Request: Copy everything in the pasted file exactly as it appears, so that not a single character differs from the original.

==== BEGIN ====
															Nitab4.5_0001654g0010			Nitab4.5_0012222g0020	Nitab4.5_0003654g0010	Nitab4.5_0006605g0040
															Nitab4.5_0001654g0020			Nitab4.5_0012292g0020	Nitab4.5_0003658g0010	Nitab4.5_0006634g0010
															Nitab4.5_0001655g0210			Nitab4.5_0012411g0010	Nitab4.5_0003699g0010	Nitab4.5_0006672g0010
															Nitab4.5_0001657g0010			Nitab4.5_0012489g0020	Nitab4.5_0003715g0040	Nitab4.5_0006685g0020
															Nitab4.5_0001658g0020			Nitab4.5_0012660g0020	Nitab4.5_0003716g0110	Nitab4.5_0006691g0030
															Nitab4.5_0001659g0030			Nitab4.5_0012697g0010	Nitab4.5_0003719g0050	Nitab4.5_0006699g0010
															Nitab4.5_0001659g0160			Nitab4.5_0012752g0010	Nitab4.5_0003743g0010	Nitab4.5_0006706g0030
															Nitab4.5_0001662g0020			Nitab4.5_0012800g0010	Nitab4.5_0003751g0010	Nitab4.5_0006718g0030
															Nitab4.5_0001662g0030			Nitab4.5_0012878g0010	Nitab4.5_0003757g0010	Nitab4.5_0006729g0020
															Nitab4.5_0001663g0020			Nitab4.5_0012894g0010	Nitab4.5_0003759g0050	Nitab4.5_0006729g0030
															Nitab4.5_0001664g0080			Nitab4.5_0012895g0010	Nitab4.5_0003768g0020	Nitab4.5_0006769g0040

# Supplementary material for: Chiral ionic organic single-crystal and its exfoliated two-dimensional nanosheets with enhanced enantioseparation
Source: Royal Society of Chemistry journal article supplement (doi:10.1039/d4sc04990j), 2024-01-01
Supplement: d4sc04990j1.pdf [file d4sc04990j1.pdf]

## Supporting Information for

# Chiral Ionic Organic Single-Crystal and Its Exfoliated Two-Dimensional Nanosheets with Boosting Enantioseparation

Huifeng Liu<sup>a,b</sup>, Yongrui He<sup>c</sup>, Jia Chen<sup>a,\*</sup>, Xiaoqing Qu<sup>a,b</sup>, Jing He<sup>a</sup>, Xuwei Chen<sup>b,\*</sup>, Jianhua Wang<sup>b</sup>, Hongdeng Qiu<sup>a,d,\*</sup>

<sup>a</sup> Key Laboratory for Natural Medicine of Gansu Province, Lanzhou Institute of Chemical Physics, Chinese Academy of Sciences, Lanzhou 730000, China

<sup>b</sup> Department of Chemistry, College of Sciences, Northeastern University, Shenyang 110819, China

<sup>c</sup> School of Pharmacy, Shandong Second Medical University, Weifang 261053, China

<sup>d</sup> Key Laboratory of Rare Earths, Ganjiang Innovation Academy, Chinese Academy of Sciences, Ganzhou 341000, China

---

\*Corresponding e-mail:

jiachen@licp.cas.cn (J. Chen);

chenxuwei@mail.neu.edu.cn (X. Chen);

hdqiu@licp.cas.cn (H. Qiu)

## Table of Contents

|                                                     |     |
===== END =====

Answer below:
															Nitab4.5_0001654g0010			Nitab4.5_0012222g0020	Nitab4.5_0003654g0010	Nitab4.5_0006605g0040
															Nitab4.5_0001654g0020			Nitab4.5_0012292g0020	Nitab4.5_0003658g0010	Nitab4.5_0006634g0010
															Nitab4.5_0001655g0210			Nitab4.5_0012411g0010	Nitab4.5_0003699g0010	Nitab4.5_0006672g0010
															Nitab4.5_0001657g0010			Nitab4.5_0012489g0020	Nitab4.5_0003715g0040	Nitab4.5_0006685g0020
															Nitab4.5_0001658g0020			Nitab4.5_0012660g0020	Nitab4.5_0003716g0110	Nitab4.5_0006691g0030
															Nitab4.5_0001659g0030			Nitab4.5_0012697g0010	Nitab4.5_0003719g0050	Nitab4.5_0006699g0010
															Nitab4.5_0001659g0160			Nitab4.5_0012752g0010	Nitab4.5_0003743g0010	Nitab4.5_0006706g0030
															Nitab4.5_0001662g0020			Nitab4.5_0012800g0010	Nitab4.5_0003751g0010	Nitab4.5_0006718g0030
															Nitab4.5_0001662g0030			Nitab4.5_0012878g0010	Nitab4.5_0003757g0010	Nitab4.5_0006729g0020
															Nitab4.5_0001663g0020			Nitab4.5_0012894g0010	Nitab4.5_0003759g0050	Nitab4.5_0006729g0030
															Nitab4.5_0001664g0080			Nitab4.5_0012895g0010	Nitab4.5_0003768g0020	Nitab4.5_0006769g0040

# Supplementary material for: Chiral ionic organic single-crystal and its exfoliated two-dimensional nanosheets with enhanced enantioseparation
Source: Royal Society of Chemistry journal article supplement (doi:10.1039/d4sc04990j), 2024-01-01
Supplement: d4sc04990j1.pdf [file d4sc04990j1.pdf]

## Supporting Information for

# Chiral Ionic Organic Single-Crystal and Its Exfoliated Two-Dimensional Nanosheets with Boosting Enantioseparation

Huifeng Liu<sup>a,b</sup>, Yongrui He<sup>c</sup>, Jia Chen<sup>a,\*</sup>, Xiaoqing Qu<sup>a,b</sup>, Jing He<sup>a</sup>, Xuwei Chen<sup>b,\*</sup>, Jianhua Wang<sup>b</sup>, Hongdeng Qiu<sup>a,d,\*</sup>

<sup>a</sup> Key Laboratory for Natural Medicine of Gansu Province, Lanzhou Institute of Chemical Physics, Chinese Academy of Sciences, Lanzhou 730000, China

<sup>b</sup> Department of Chemistry, College of Sciences, Northeastern University, Shenyang 110819, China

<sup>c</sup> School of Pharmacy, Shandong Second Medical University, Weifang 261053, China

<sup>d</sup> Key Laboratory of Rare Earths, Ganjiang Innovation Academy, Chinese Academy of Sciences, Ganzhou 341000, China

---

\*Corresponding e-mail:

jiachen@licp.cas.cn (J. Chen);

chenxuwei@mail.neu.edu.cn (X. Chen);

hdqiu@licp.cas.cn (H. Qiu)

## Table of Contents

|                                                     |     |